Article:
As a part of their training, Tomb Guards have to memorize the entire 17 page training manual and be prepared to recite it verbatim, including every comma, parentheses and quotation mark. They learn the upkeep of their uniform and equipment. If, when stepping onto the mat for the Changing of the Guard, their uniform or weapon fail the white glove test, the Sentinel must return to their quarters and cannot serve their rotation. A replacement is sent. They must learn to polish and shine their badge. The placement of every bar and medal on their uniform must be placed within 1/64th of an inch of the proper location or they fail inspection. Their uniform must be ironed, creased perfectly, with a sheen to its appearance. Because of this, Tomb Guards learn a technique involving a torch where they burn any possible fuzz off their uniform so it has maximum sheen and smoothness.

And then there is their shoes. Every member of the military is expected to polish their dress shoes, but the Tomb Guard soldiers take this expectation to an unreal level. In between rotations, a Tomb Guard might spend as much as six to eight hours shining their shoes! You read that right. A full eight hour day of work, just shining a pair of shoes. I can’t even fathom that. The dedication. The meticulous commitment to detail, to perfection.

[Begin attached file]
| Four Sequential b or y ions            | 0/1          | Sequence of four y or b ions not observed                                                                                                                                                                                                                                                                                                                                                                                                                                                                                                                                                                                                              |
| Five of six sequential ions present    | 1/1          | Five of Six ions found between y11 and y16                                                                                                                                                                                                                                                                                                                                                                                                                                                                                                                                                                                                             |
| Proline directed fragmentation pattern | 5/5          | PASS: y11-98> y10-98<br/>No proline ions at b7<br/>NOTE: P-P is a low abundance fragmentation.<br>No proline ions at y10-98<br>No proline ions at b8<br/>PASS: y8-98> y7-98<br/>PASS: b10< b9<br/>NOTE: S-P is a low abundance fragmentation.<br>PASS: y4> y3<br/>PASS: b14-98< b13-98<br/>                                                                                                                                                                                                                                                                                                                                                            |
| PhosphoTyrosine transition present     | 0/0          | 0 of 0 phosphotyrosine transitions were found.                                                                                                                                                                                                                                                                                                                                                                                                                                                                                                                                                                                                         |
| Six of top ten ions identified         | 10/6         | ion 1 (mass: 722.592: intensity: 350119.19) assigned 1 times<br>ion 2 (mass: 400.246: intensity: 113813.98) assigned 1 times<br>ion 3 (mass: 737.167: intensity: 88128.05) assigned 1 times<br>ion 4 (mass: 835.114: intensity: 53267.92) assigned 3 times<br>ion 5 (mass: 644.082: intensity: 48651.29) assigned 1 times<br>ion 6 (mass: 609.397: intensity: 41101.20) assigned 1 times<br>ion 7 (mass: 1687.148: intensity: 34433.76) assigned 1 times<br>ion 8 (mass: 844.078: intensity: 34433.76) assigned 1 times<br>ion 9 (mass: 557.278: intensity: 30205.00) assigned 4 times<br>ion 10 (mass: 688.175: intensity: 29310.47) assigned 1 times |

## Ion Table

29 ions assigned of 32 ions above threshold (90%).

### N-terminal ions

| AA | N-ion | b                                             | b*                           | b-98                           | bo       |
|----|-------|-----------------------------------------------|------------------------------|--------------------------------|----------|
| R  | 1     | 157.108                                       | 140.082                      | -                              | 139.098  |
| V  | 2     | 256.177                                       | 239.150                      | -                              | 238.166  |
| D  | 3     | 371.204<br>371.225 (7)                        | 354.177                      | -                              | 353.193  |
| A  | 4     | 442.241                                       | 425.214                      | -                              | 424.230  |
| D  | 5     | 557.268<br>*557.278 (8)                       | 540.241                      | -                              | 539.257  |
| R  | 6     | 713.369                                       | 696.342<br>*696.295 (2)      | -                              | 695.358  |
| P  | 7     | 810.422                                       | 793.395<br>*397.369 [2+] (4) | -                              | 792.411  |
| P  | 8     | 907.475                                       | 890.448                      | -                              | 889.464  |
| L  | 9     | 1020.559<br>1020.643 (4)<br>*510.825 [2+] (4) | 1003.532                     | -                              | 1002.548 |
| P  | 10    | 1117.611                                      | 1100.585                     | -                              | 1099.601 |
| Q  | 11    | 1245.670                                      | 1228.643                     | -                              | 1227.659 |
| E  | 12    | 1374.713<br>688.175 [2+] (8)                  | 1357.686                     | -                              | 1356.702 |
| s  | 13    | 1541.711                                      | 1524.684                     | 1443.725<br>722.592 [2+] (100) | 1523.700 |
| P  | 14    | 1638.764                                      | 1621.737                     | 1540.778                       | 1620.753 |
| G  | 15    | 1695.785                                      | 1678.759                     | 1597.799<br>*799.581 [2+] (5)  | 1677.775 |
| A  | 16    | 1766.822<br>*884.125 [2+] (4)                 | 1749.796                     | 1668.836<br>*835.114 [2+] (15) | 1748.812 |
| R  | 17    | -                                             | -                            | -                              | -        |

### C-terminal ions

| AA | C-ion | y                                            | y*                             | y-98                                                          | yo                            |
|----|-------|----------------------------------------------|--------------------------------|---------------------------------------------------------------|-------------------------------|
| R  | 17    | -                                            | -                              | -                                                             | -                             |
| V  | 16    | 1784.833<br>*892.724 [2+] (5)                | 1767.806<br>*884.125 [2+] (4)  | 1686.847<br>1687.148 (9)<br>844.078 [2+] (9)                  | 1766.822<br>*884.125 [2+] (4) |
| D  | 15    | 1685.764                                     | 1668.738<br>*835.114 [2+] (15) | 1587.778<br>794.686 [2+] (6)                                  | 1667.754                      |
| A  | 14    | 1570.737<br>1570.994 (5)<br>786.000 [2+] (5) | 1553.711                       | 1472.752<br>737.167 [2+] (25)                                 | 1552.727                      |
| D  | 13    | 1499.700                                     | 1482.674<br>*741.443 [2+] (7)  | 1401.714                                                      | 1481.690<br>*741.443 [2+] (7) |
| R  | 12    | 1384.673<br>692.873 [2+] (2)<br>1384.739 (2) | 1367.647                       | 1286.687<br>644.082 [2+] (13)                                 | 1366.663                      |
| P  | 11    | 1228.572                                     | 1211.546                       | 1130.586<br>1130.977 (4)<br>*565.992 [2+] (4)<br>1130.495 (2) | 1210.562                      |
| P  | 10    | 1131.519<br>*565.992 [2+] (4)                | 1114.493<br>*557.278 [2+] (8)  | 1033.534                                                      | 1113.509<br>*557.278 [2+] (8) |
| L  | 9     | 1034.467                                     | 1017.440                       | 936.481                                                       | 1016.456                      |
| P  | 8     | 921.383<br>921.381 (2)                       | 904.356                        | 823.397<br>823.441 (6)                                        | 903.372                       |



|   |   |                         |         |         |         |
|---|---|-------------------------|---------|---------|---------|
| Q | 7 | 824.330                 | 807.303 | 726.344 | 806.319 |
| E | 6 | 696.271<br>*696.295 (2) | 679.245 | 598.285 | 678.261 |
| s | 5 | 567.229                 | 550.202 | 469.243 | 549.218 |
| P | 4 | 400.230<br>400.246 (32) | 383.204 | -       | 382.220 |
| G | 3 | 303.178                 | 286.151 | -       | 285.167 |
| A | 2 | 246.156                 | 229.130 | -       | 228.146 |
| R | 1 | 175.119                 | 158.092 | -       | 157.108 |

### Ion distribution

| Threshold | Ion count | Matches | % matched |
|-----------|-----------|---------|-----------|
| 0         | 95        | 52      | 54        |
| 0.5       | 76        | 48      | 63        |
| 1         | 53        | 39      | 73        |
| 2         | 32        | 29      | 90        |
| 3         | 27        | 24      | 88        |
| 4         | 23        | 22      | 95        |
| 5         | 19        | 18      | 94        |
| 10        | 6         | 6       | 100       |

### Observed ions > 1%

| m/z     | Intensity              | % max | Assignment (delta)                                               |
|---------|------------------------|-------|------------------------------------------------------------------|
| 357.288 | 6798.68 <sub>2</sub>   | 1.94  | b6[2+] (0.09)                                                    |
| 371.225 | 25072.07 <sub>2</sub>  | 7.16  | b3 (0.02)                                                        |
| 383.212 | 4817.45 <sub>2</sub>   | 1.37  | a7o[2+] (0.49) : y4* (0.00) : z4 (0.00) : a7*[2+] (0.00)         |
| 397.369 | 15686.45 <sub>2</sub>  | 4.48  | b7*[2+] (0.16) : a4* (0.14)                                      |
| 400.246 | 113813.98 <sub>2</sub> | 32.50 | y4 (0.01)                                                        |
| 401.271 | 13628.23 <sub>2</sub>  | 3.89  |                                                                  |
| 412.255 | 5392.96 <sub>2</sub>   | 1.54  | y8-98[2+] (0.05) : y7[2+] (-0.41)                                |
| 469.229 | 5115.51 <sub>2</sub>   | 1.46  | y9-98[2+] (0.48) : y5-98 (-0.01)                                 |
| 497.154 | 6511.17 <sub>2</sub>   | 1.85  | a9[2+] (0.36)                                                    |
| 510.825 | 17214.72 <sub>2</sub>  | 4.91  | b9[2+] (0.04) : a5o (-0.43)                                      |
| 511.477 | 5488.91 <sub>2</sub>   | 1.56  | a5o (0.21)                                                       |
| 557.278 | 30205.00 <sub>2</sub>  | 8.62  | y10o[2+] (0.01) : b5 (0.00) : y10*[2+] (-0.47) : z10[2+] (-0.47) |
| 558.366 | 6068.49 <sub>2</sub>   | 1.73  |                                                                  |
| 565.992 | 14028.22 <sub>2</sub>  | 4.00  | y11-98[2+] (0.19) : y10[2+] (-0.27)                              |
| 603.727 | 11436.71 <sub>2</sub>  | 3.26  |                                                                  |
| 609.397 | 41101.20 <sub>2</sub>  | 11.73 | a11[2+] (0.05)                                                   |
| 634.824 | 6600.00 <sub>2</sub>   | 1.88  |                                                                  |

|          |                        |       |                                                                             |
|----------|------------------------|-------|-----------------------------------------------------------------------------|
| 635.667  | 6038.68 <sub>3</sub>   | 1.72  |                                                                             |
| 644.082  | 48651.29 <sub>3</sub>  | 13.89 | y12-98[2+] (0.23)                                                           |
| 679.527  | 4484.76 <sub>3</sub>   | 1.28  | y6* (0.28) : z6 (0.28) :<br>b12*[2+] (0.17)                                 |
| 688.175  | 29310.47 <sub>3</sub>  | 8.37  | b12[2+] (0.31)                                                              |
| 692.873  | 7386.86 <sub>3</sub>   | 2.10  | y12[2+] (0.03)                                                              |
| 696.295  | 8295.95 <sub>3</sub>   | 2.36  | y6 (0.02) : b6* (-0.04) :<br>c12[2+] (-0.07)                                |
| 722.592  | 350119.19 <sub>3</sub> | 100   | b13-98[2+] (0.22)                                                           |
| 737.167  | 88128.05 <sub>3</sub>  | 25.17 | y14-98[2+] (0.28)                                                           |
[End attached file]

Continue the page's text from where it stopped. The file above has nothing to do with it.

Why do they do this? Because they know… it’s not about them. It’s about the unknowns. It’s about honor.

So what does all of this have to do with disciple-making?

As I watched The Unknowns, I couldn’t help but think of the level of preparation and training that goes into how they are called to serve. How about us? What level of commitment do we expect from our disciples? How much of a sense of calling do our disciples have for the commission they have received? What standard of character do we hold our disciples to? How much training and accountability goes into the preparation of our disciples?

As I watch The Unknowns, these words come to mind. Commitment to Calling. Intentional Training. Honorable Service.

An Honor Guard is never thrust into duty haphazardly. Their responsibility is taken seriously.

It’s time for us to get serious about training. It’s time for us to raise the bar. If we we want to see a disciple-making movement from here to everywhere, it will require “fully trained disciples.” (Luke 6:40)


For Further Consideration…

1- How would you define a “fully trained disciple”?

2- When you think about the meticulous nature of preparation that Tomb Guards go through, even down to the detail of their uniform and the shining of their shoes, what parallels would you make to ministry preparation?

3- The Unknowns powerfully portrays the honor for those who sacrifice their all… their life, their name, their identity… for the sake of their country and freedom. In many ways, if a disciple is to become like their teacher, it also requires the sacrifice of their own identity as they take on the identity of the one they serve. Is this a level of commitment that we call others to? Is this a level of commitment that we model for our disciples?